A Rose by Any Other Name

A Rose by Any Other Name - The Plant Cell, Vol. 14, 2315,...

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The Plant Cell, Vol. 14, 2315, October 2002, www.plantcell.org © 2002 American Society of Plant Biologists IN THIS ISSUE A Rose by Any Other Name? “What’s in a name? That which we call a rose, by any other word would smell as sweet.” So declares Juliet as she laments the name of her beloved in Shakespeare’s Romeo and Juliet . The fact is, today there are numerous varieties of ornamental rose that produce little or no fragrance. Garden roses of the 1500s (e.g., Damask, Alba, and Gallica varieties and Shakespeare’s eglantine, Rosa eglanteria ) were excep- tionally fragrant, but the flowers tended to be less showy and shorter lived than mod- ern roses. Conversely, many modern Hy- brid Tea or Floribunda varieties that bear large, showy flowers and have long vase lives lack a strong fragrance. In this issue of The Plant Cell , Guterman et al. (pages 2325–2338) report on the identification of genes associated with floral fragrance in Rosa hybrida via a genomic approach that encompasses cDNA sequencing, microar- ray gene expression analysis, chemical analysis of the volatile composition of rose petals, and biochemical analysis of candi- date proteins. Floral scents are complex mixtures of chemicals. Although there are several main groups of compounds (e.g., mono- terpenes and sesquiterpenes, aromatic al- cohols, and esters), floral scent is highly species specific, and almost no two spe- cies produce identical mixtures of scent compounds. Even within species, often there is a great deal of variability in scent production. Rose is a prime example: many cultivars produce little or no scent, and among those that do, there is consid- erable variability in the type of scent pro- duced. Guterman et al. analyzed two cultivars of R. hybrida , Fragrant Cloud (FC), which produces large, strongly scented red flow- ers, and Golden Gate (GG), which yields smaller yellow flowers that have almost no fragrance (Figure 1). Gas chromatogra- phy–mass spectrometry analyses of the flower headspace showed that FC flowers emit typical rose fragrance volatiles, in- cluding various esters, aromatic and ali- phatic alcohols, monoterpenes, and sesquiterpenes. By contrast, 99% of the volatiles emitted by GG flowers were methoxylated phenols, which lack a dis- tinct fragrance. Volatile emission in both cultivars was low early in flower develop- ment and increased to a peak as the flow- ers reached full bloom (developmental stages 4 to 6). The group created cDNA li- braries using RNA isolated from stage-4 petals from each of the cultivars and se- quenced 1834 and 1039 clones from the FC and GG libraries, respectively. A large percentage of cDNAs representing unique genes were found only in the FC database (1288 genes) or only in the GG database (746 genes). This is probably attributable to the low redundancy of the library and the fact that the database is still far from saturation. A high percentage of unique genes showed homology with genes that encode proteins of unknown function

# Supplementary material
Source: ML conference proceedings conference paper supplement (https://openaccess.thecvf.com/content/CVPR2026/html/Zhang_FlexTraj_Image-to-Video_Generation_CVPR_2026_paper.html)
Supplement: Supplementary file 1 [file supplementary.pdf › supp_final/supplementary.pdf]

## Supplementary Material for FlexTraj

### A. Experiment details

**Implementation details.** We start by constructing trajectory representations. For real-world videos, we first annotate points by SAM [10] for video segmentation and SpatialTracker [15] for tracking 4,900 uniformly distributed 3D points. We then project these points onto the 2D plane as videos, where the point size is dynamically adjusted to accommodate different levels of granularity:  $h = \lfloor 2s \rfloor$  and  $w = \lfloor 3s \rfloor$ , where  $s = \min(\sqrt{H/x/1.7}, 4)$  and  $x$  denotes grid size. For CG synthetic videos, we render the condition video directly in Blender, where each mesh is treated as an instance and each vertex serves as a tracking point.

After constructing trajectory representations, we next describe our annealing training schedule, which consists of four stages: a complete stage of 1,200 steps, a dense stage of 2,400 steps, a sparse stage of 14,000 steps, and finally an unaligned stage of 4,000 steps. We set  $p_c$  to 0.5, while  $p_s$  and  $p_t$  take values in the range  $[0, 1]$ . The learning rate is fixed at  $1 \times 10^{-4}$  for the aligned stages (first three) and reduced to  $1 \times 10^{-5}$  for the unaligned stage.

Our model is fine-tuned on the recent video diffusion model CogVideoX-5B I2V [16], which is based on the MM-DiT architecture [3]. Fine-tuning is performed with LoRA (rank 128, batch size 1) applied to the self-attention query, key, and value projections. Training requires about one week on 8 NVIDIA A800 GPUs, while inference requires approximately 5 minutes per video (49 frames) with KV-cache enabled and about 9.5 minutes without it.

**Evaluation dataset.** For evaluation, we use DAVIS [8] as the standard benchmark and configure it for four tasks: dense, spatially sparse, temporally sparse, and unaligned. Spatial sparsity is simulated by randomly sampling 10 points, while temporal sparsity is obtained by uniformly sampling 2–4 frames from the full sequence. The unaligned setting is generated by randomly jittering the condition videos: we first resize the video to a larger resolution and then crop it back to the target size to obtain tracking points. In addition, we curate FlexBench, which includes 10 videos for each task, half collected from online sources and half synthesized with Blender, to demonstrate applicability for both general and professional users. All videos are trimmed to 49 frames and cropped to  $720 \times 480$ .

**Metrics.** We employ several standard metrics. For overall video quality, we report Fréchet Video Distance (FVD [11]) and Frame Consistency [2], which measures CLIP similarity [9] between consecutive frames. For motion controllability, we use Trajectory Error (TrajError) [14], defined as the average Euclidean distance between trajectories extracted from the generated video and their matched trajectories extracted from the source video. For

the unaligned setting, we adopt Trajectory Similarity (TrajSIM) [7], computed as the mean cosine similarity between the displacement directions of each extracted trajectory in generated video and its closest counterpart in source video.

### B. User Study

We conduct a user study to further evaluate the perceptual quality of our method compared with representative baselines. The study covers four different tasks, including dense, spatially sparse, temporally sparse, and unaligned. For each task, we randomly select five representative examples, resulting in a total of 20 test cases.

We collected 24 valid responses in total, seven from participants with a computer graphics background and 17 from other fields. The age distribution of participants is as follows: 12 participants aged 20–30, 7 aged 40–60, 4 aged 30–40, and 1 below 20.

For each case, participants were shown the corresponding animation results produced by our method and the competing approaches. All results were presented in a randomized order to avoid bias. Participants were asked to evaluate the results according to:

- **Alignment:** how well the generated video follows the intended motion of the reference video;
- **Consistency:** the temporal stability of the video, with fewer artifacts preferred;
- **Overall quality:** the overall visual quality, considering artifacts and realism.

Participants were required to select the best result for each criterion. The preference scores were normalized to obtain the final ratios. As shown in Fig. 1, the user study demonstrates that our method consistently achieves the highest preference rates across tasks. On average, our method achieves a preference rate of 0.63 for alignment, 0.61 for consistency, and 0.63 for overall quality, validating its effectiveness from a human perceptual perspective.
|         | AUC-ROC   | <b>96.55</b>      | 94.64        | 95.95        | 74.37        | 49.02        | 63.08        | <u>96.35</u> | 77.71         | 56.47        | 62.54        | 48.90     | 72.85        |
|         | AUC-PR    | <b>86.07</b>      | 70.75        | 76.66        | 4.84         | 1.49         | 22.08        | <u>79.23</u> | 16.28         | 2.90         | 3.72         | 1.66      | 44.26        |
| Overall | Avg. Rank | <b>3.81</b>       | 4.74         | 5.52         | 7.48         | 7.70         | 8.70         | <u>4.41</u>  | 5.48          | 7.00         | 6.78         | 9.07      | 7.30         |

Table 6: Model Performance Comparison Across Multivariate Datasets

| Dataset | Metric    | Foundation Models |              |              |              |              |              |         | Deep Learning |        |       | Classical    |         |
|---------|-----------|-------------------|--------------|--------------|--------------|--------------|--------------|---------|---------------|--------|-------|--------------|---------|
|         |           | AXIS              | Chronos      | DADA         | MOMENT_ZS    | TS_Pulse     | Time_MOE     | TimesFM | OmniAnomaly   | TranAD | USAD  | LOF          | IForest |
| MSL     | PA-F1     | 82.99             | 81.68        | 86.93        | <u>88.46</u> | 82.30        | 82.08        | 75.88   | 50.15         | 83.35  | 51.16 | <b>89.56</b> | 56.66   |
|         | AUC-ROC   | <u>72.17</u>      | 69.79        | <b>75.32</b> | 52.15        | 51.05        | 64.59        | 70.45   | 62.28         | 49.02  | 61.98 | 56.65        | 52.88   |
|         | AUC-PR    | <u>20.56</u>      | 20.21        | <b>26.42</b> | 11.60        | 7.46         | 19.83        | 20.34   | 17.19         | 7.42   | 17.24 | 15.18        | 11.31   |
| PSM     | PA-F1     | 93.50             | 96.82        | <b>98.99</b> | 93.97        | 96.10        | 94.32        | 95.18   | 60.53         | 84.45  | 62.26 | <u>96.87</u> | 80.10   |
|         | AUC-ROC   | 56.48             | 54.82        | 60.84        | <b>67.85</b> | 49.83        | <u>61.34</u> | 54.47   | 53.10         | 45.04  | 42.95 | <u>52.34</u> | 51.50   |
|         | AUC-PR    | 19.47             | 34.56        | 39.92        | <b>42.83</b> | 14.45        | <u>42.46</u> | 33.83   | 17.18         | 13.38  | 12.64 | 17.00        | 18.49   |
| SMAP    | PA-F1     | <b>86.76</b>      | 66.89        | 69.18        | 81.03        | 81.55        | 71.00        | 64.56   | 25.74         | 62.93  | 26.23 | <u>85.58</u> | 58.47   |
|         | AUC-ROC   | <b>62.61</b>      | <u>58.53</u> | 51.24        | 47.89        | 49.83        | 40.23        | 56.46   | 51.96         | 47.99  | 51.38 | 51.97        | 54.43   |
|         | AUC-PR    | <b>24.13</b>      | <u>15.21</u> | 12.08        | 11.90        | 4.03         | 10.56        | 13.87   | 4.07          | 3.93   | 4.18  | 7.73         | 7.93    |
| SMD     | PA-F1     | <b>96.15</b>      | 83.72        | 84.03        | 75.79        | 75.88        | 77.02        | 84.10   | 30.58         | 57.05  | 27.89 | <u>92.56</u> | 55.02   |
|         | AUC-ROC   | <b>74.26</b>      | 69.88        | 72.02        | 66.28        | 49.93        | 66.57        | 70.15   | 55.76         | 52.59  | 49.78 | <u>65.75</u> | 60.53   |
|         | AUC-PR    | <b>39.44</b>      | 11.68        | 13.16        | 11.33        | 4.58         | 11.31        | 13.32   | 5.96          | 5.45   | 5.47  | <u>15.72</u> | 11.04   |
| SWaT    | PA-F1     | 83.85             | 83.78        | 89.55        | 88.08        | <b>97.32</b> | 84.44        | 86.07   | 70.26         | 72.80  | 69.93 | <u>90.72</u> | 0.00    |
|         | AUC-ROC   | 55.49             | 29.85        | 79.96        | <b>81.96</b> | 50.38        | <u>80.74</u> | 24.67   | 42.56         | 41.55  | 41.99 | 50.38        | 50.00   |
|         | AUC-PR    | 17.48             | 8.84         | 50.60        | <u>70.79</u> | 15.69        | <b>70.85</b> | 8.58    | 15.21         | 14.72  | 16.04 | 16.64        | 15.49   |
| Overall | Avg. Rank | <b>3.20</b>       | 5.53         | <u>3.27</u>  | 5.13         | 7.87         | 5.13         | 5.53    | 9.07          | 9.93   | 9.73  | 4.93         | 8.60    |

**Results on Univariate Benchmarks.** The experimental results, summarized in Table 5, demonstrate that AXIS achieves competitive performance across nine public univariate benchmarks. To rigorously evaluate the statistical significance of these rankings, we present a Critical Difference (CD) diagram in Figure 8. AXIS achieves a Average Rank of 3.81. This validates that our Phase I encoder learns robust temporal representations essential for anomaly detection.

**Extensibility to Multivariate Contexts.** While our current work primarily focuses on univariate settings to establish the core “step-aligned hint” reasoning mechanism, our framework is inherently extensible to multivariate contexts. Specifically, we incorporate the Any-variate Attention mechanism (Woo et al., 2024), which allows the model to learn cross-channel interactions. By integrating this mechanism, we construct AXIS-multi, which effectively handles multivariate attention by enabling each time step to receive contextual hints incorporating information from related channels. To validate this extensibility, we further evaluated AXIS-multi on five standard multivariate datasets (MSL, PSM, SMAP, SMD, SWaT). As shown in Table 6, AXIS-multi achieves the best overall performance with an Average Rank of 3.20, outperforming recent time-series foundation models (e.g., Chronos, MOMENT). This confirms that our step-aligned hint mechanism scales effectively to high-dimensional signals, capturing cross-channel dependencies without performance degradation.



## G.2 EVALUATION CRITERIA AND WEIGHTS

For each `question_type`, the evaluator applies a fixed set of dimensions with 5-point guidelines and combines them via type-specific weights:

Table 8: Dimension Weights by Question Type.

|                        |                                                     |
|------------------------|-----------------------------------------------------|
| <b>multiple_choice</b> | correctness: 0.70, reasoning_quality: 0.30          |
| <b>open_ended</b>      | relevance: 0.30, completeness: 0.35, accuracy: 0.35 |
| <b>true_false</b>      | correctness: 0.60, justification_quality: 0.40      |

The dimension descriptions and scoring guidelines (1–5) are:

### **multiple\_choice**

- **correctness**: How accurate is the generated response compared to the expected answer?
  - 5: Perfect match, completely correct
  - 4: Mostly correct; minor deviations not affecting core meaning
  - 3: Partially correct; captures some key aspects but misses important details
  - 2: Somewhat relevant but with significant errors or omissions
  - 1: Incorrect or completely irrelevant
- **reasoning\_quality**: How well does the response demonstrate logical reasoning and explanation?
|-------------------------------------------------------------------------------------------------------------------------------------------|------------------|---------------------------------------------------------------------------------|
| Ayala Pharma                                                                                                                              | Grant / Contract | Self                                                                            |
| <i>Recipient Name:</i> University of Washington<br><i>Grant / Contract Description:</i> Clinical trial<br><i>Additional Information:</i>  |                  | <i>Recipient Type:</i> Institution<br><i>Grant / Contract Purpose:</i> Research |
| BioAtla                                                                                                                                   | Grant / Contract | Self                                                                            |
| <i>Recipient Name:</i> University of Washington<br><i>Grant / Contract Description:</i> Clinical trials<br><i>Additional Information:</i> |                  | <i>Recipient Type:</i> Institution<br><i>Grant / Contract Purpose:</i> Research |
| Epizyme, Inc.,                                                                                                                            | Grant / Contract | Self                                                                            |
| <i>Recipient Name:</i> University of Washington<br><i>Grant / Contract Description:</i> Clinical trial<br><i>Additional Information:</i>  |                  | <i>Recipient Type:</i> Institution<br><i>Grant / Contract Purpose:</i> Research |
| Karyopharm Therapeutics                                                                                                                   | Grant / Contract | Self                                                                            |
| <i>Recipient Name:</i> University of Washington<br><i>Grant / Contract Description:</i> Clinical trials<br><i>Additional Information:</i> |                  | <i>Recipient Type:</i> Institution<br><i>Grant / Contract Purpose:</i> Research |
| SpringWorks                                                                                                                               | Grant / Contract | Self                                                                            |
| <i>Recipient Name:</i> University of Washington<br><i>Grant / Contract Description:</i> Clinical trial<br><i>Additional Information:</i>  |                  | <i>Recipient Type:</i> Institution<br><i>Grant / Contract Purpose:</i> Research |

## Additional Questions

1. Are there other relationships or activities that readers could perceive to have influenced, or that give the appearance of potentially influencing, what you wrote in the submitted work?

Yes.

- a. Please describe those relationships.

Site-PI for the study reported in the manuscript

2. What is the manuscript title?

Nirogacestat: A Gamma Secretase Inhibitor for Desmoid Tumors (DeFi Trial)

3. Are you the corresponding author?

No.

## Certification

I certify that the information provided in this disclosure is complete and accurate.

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This note was uploaded on 08/01/2009 for the course HORT hor-11-12 taught by Professor Park during the Spring '09 term at A.T. Still University.

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A Rose by Any Other Name - The Plant Cell, Vol. 14, 2315,...

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